What could be more therapeutic for anyone, at the end of a long winter, than a vacation to a warm, sunny island? For many of our nursing home residents, even an occasional ride in a car is denied, limited by physical or social restraints, and generally the long New England winters are spent within the confines of one facility. Our patient population is, for the most part, wheelchair or geri-chair bound, and requires a great deal of help with activities of daily living. This is not a population which is easily transported to events occurring outside of the facility but this time we wanted the residents to "go" somewhere - leave their usual surroundings and enjoy the sights and sounds of a very different environment.
Our staff took 32 of our 50 residents to the Hawaiian Islands. The trip was made possible by a great deal of imagination, love and volunteer effort. The planning process was headed by our recreational therapist and an army of volunteers. The community was encouraged to participate by donating clothing, souvenirs and artifacts of the Island culture. The response was wonderful.
On Tuesday afternoon, our residents boarded the "aircraft. " They entered their dining room, which had been transformed to look like the interior of a 747 airplane. They were greeted by their "pilot" and two "airline attendants." The facsimile of the flight included use of seat belts, oxygen masks, and the passengers were told the flight route and altitude. A member of the nursing staff narrated an Hawaiian slide show, and passengers were served Pina Colados midway by the attendants. During the flight, a wonderfully ambitious group of volunteers and nursing staff transformed the usual decor of the facility into a grand Hawaiian hotel, complete with lush flora, waterfall, colorful birds, grass huts, lanterns, posters and Hawaiian tourist information. The staff and volunteers donned colorful Hawaiian clothes, and when the residents "deplaned," they were greeted with leis and warm alohas. The residents were thoroughly enjoying their vacation and were delighted with the transformation in their surroundings.
The dietary department, directed by the dietician, planned meals and special desserts in the Polynesian cuisine and on the second day of the vacation, prepared a luau, minus the roast pig, for the entire facility.
Some of the volunteer contributions which added to the flavor of the residents' armchair vacation included music and dancing entertainment nightly, and a locai florist brought in baby orchids from Hawaii for every woman's hair, and every man's lapel. We had a wonderful time with the women because they needed to decide which side of their heads to wear the flowers on, left/available, right/attached, we had enough clothing donated so that staff and residents alike were appropriately dressed.
During the time of the visit, we noted that the residents' appetites and sleep pattern improved. The level of resident social interaction was definitely improved, as noted by the level of conversation during meals, and the increased interaction in the day room. Even levels of confusion decreased, as residents became more alert and enjoyed the changes in their environment. Concerns about the "vacation" exacerbating confusion in some of the residents were unfounded. It was an opportunity to enjoy something different, something fun, to experience a faraway place. We noticed that one resident, who had had a massive CVA which left her very disoriented and weepy, was in a less anxious state, and her spontaneous crying abated during the "vacation." The residents' and staff's attitudes certainly complemented one another, and everyone had a good time. The essential nursing activities were accomplished, but the aloha spirit prevailed, and each eight hour shift seemend to fly by. One of the comments made by two of the residents was "We never realized so many people cared about us." Another family spoke to me and said how much they appreciated our making this vacation possible for their mother.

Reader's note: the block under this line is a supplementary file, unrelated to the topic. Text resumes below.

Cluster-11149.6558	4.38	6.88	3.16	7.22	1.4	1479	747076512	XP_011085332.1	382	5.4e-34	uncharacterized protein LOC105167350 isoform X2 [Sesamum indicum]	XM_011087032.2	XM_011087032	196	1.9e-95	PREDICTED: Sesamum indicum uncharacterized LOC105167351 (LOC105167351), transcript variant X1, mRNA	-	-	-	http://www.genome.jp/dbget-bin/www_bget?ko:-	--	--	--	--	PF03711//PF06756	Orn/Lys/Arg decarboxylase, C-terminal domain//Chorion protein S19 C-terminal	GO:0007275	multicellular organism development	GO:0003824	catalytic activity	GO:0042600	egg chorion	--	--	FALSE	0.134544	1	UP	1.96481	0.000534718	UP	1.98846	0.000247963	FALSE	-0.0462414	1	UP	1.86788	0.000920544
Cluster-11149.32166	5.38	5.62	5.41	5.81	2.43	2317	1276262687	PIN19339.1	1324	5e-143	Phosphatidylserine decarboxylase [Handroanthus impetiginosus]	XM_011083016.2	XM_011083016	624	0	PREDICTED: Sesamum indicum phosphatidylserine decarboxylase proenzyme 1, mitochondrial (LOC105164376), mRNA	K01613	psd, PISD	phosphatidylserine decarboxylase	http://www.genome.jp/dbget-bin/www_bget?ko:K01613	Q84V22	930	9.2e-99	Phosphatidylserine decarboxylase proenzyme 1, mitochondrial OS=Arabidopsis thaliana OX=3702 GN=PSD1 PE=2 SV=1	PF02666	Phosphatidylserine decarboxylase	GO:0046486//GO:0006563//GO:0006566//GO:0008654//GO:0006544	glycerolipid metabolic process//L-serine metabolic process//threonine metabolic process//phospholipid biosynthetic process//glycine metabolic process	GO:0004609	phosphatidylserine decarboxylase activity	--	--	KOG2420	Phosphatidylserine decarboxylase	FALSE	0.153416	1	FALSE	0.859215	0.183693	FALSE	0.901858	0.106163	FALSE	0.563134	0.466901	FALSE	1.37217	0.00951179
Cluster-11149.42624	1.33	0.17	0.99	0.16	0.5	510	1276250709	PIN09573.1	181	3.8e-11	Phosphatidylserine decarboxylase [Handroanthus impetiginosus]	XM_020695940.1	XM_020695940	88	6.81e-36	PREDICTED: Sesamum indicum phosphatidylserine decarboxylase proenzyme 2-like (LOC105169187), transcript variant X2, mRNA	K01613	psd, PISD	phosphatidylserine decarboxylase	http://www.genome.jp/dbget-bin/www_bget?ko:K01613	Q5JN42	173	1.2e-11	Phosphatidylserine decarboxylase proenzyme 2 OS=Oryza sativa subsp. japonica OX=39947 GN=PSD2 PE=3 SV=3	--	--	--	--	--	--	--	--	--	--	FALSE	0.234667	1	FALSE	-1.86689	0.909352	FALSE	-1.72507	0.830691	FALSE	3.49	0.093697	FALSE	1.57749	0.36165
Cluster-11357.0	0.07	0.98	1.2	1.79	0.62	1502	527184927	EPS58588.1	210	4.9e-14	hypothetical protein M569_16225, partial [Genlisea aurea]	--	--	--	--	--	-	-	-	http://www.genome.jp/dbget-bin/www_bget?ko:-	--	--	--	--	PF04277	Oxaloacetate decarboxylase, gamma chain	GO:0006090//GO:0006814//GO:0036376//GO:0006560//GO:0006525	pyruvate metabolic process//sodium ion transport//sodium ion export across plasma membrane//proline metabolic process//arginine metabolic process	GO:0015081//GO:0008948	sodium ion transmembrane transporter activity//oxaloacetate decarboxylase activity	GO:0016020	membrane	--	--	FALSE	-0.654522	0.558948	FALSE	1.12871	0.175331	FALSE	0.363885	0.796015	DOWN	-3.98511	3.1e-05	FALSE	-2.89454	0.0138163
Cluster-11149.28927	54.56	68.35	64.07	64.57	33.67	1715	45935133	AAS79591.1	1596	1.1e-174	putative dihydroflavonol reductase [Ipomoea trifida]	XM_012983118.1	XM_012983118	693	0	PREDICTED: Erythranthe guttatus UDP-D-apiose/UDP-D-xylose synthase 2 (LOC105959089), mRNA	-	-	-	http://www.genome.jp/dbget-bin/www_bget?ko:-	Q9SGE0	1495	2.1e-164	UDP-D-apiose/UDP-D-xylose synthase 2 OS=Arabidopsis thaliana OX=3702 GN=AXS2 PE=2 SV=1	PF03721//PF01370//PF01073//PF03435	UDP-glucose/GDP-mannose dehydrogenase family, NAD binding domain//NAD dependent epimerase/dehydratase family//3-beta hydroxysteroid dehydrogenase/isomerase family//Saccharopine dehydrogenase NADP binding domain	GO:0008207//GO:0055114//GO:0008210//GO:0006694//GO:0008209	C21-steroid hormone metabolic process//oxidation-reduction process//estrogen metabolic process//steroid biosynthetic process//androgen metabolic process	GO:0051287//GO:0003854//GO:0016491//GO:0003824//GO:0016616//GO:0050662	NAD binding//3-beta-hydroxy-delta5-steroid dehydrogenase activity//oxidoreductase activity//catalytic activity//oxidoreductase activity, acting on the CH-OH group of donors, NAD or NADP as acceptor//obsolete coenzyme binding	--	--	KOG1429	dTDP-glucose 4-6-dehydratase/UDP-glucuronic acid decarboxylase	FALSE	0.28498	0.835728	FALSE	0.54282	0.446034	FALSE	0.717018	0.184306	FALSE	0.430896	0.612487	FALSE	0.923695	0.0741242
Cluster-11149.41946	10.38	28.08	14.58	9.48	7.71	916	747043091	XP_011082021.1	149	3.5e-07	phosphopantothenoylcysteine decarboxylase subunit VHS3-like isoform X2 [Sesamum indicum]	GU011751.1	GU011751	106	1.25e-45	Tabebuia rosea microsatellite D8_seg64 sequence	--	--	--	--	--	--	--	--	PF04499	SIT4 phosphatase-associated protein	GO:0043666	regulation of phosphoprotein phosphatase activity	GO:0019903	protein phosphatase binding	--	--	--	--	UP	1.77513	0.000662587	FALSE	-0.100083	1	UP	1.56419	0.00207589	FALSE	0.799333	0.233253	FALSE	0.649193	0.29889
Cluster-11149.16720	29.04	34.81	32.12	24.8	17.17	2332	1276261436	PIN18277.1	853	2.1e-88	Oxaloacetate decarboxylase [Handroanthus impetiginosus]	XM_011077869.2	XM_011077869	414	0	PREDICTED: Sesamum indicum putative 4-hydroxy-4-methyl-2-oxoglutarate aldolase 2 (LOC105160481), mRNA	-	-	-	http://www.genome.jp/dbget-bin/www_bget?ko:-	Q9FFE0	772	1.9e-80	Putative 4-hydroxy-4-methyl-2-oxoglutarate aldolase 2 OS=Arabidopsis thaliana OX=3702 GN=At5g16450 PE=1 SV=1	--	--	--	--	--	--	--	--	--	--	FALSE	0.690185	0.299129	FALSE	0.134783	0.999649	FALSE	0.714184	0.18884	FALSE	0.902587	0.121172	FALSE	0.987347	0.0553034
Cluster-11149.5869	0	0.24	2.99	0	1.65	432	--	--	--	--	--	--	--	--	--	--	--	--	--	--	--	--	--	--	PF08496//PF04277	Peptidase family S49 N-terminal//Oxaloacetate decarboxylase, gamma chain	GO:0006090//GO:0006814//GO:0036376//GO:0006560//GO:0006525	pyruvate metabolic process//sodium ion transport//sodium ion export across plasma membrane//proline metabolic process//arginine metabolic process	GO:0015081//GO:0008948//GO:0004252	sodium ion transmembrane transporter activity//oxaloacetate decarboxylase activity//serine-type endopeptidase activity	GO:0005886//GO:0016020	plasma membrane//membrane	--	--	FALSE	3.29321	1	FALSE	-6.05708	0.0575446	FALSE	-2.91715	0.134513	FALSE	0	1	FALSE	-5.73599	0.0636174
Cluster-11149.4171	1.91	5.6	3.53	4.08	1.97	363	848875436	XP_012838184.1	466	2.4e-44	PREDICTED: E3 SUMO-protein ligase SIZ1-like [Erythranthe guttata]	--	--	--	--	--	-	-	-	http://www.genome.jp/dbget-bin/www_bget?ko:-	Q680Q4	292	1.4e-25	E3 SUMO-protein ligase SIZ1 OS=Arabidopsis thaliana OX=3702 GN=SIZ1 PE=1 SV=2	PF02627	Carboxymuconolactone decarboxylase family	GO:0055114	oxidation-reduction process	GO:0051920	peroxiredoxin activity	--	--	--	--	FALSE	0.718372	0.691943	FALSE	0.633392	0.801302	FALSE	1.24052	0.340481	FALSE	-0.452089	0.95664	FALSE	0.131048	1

The third day dawned, and after breakfast and some Hawaiian entertainment, it was time to "go home." The residents boarded their "aircraft," and began their journey Flying back, they saw the movie, "South Pacific," stopped in "San Francisco" for lunch (position changes, toileting, etc.), and when they finally deplaned, they were welcomed home by the staff who, again with volunteer efforts, had removed the Polynesian paradise and replaced it with the more familiar setting of the facility. The effects of the vacation continued even a week later, and people began planning next year's vacation immediately. Some of the residents have a desire to "visit" Disney World.
What is significant is what the human spirit and imagination are capable of when called upon to act and the positive therapeutic gain which occurs when residents participate actively. All too often, programs for the elderly are non-participatory and although they provide some necessary stimulation, full participation is so much more therapeutic. We are fortunate to have nursing and therapy personnel who recognize that patient needs are considered first. What will be beneficial to the residents takes priority over established patterns of task accomplishment which provide for the basics, but may not always provide for that intangible that brings renewed life to the smile of an 84 year old who thought her "traveling" days were over.